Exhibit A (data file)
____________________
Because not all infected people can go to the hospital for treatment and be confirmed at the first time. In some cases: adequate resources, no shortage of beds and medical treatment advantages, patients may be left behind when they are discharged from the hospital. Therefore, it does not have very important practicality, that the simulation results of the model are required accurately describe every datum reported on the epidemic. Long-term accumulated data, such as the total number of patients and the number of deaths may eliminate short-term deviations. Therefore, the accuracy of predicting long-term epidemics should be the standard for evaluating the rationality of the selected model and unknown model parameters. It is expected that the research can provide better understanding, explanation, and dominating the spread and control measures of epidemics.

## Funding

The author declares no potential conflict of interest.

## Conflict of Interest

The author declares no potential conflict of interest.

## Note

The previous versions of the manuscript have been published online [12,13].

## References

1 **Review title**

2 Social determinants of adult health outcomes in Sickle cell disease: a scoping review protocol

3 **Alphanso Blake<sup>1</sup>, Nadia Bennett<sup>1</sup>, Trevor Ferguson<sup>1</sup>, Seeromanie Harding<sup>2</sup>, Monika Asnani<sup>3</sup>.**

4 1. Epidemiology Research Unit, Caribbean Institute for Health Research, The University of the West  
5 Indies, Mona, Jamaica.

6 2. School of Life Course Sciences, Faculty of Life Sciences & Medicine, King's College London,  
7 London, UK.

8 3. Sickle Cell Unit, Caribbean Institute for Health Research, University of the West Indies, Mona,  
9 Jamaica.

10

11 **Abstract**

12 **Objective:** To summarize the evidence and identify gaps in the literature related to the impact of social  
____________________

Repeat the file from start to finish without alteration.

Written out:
Because not all infected people can go to the hospital for treatment and be confirmed at the first time. In some cases: adequate resources, no shortage of beds and medical treatment advantages, patients may be left behind when they are discharged from the hospital. Therefore, it does not have very important practicality, that the simulation results of the model are required accurately describe every datum reported on the epidemic. Long-term accumulated data, such as the total number of patients and the number of deaths may eliminate short-term deviations. Therefore, the accuracy of predicting long-term epidemics should be the standard for evaluating the rationality of the selected model and unknown model parameters. It is expected that the research can provide better understanding, explanation, and dominating the spread and control measures of epidemics.

## Funding

The author declares no potential conflict of interest.

## Conflict of Interest

The author declares no potential conflict of interest.

## Note

The previous versions of the manuscript have been published online [12,13].

## References

1 **Review title**

2 Social determinants of adult health outcomes in Sickle cell disease: a scoping review protocol

3 **Alphanso Blake<sup>1</sup>, Nadia Bennett<sup>1</sup>, Trevor Ferguson<sup>1</sup>, Seeromanie Harding<sup>2</sup>, Monika Asnani<sup>3</sup>.**

4 1. Epidemiology Research Unit, Caribbean Institute for Health Research, The University of the West  
5 Indies, Mona, Jamaica.

6 2. School of Life Course Sciences, Faculty of Life Sciences & Medicine, King's College London,  
7 London, UK.

8 3. Sickle Cell Unit, Caribbean Institute for Health Research, University of the West Indies, Mona,  
9 Jamaica.

10

11 **Abstract**

12 **Objective:** To summarize the evidence and identify gaps in the literature related to the impact of social  